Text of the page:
• To keep up with rivals, DoD nominee will weigh consolidation vs. innovation

    4 février 2021 | International, Aérospatial, Naval, Terrestre, C4ISR, Sécurité

    To keep up with rivals, DoD nominee will weigh consolidation vs. innovation

    By: Joe Gould WASHINGTON ― President Joe Biden's nominee for deputy defense secretary, Kathleen Hicks, said she is “concerned” about consolidation in the defense industrial base, and that competition is needed to maintain an edge over China and Russia. Hicks, whose office would review deals that involve national security issues if she is confirmed by the Senate, told lawmakers Tuesday that she would work with them to ensure a healthy defense industrial base. The comments came amid market expectations that defense deal-making could take off in 2021. “Extreme consolidation does create challenges for innovation,” Hicks told the Senate Armed Services Committee. “We need to have a lot of different good ideas out there. That's our competitive advantage over authoritarian states like China, and Russia. And so if we move all competition out, obviously, that's a challenge for the taxpayer. But it's also a challenge in terms of the innovation piece.” As the space sector and technological developments drive growth in the aerospace and defense sector and the pandemic weakens commercial aviation firms, companies are “likely to pursue opportunities for consolidation,” the consulting firm Deloitte said in a recent report. Firms could seek new merger and acquisition opportunities, the report said, to “capture more value, drive cost-competitiveness, or acquire targeted niche capabilities and emerging technologies” such as “advanced air mobility, hypersonics, electric propulsion, and hydrogen-powered aircraft.” Recent years have seen a number of major deals, including the combination of Harris and L3 Technologies, United Technologies Corp. and Raytheon; BAE Systems and Collins Aerospace, and General Dynamics and CSRA. Lockheed Martin's $4.4 billion acquisition of Aerojet Rocketdyne, announced in December, has yet to clear regulators. The Federal Trade Commission and the Justice Department also review mergers and acquisition activity in the defense sector. At Tuesday's hearing, Connecticut Democratic Sen. Richard Blumenthal, whose state hosts General Dynamics Electric Boat, told Hicks a drop in the number of submarine suppliers from 17,000 to 5,000 over recent decades suggested broader problems for the defense industrial base, problems that he said were, “extremely alarming to me.” Blumenthal indicated Hicks had committed prior to the hearing to aid small suppliers struggling with the pandemic's economic fallout and to develop new small and medium suppliers. (This was one focus of DoD's acquisition and sustainment office under the previous administration.) “I'm hoping you will focus on the supply chain that is vitally important to suppliers like Electric Boat or Raytheon or any of our major sources of supply,” said Blumenthal, who has served as the top Democrat on SASC's Seapower Subcommittee. A broader theme for the hearing was how Hicks, whose job involves supervising the defense budget, would invest in forward-leaning technologies under a flat budget and divest from existing weapons platforms. Meanwhile, lawmakers grilled Hicks about whether she supported spending on nuclear modernization, shipbuilding and other programs with connections to lawmakers' home states. Acknowledging the political and budget tensions, Hicks said she wants to link future budgetary decisions with concepts for operations, to buy “capabilities that actually line up to theories of victory for how we are trying to pace challenges from China and Russia.” Other lawmakers told Hicks they wanted an easier paths for smaller, cutting edge firms from outside the Beltway to do business with the Pentagon and for them to scale production of their products, beyond the experimentation phase. “We've had testimony before this committee that many smaller companies, particularly in Silicon Valley, and in the technology field generally have given up on the Pentagon, it's too complicated is too lengthy is too expensive, even to fill out the forms,” said Sen. Angus King, I-Maine. For her part, Hicks said Tuesday she would “increase the speed and scale of innovation in our force,” and she would work to understand how alternative acquisitions methods are servings smaller non-traditional suppliers. She affirmed that those firms cannot survive on research and development funding alone. “I do think a sustain level of [research and development] investment is vital, but we actually have to field capabilities, and that's a place where DoD has really struggled,” she said, adding that exercises and experiments help demonstrate the value of new technologies. “When we can demonstrate value, then we're in a much better position to have a dialogue with Congress and with industry about where that where those capabilities can take us.” https://www.defensenews.com/congress/2021/02/02/to-keep-up-with-rivals-dod-nominee-will-weigh-consolidation-vs-innovation/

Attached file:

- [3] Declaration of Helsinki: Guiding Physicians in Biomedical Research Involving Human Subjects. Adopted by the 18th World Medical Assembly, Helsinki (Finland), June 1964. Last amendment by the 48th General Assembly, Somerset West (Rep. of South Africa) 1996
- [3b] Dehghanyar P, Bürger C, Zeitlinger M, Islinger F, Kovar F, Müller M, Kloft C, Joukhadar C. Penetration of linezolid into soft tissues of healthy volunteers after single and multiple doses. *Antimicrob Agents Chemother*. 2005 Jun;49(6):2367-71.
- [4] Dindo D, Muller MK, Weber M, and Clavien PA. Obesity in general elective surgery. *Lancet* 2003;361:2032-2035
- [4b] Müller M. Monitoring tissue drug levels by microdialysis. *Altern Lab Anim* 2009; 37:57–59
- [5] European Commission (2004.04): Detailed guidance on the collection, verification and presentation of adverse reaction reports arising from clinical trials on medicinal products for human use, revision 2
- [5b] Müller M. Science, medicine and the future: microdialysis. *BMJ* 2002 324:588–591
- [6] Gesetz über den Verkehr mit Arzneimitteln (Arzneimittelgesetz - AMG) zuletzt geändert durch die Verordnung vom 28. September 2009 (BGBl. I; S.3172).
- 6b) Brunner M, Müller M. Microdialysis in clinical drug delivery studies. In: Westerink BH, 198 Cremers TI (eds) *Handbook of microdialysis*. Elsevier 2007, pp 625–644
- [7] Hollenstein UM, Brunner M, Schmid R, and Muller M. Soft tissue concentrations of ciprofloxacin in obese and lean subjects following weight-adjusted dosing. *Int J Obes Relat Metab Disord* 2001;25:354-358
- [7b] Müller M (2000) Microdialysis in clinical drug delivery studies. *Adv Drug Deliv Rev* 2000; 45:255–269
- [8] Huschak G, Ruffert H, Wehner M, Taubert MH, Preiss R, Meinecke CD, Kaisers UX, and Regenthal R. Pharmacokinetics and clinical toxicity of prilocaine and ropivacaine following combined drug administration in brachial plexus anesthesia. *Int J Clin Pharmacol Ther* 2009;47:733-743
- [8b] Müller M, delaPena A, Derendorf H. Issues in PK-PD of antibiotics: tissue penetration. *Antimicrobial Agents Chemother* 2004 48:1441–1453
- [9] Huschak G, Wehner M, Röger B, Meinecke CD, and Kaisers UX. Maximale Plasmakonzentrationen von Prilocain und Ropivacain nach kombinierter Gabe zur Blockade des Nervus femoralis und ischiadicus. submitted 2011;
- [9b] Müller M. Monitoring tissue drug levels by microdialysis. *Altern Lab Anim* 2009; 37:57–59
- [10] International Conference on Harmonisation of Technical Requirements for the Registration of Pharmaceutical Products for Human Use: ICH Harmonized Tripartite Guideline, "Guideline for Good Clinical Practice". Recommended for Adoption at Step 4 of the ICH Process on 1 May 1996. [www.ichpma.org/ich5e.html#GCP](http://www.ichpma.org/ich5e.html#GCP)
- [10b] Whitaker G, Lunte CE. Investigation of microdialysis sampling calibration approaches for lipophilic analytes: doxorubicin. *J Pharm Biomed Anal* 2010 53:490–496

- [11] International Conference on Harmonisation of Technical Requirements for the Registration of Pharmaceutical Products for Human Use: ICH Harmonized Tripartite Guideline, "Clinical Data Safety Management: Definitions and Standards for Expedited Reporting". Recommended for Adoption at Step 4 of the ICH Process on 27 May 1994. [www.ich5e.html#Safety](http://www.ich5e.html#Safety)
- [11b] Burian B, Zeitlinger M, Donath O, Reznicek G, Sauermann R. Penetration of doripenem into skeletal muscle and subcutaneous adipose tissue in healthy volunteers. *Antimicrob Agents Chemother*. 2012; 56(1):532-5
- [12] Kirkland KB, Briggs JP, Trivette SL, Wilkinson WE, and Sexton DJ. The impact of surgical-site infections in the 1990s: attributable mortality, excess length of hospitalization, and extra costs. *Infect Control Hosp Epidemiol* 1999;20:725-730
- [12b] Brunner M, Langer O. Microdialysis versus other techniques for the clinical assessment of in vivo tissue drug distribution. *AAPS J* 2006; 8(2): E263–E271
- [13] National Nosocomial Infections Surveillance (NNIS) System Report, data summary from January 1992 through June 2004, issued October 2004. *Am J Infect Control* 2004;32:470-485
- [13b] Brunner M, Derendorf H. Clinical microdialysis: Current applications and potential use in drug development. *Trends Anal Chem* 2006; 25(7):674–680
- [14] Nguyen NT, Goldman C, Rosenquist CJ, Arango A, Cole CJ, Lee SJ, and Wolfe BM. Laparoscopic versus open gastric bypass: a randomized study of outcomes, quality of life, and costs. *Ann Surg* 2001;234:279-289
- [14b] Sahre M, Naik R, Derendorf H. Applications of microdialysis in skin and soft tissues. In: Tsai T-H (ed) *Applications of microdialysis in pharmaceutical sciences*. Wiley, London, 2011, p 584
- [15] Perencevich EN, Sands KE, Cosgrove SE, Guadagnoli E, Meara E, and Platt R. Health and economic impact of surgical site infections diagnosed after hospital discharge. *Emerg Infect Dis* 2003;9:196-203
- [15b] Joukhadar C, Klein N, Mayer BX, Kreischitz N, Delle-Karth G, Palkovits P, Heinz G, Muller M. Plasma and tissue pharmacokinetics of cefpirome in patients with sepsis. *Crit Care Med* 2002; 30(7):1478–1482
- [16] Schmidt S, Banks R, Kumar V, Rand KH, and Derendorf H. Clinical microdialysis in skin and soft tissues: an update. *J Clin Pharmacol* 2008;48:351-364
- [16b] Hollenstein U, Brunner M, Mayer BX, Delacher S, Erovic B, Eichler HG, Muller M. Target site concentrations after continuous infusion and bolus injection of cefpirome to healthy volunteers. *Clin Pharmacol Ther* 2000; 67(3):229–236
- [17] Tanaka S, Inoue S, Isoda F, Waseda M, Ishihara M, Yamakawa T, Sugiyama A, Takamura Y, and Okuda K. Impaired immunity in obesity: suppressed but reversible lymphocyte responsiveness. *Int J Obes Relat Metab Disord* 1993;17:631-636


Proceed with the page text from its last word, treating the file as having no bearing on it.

Toutes les nouvelles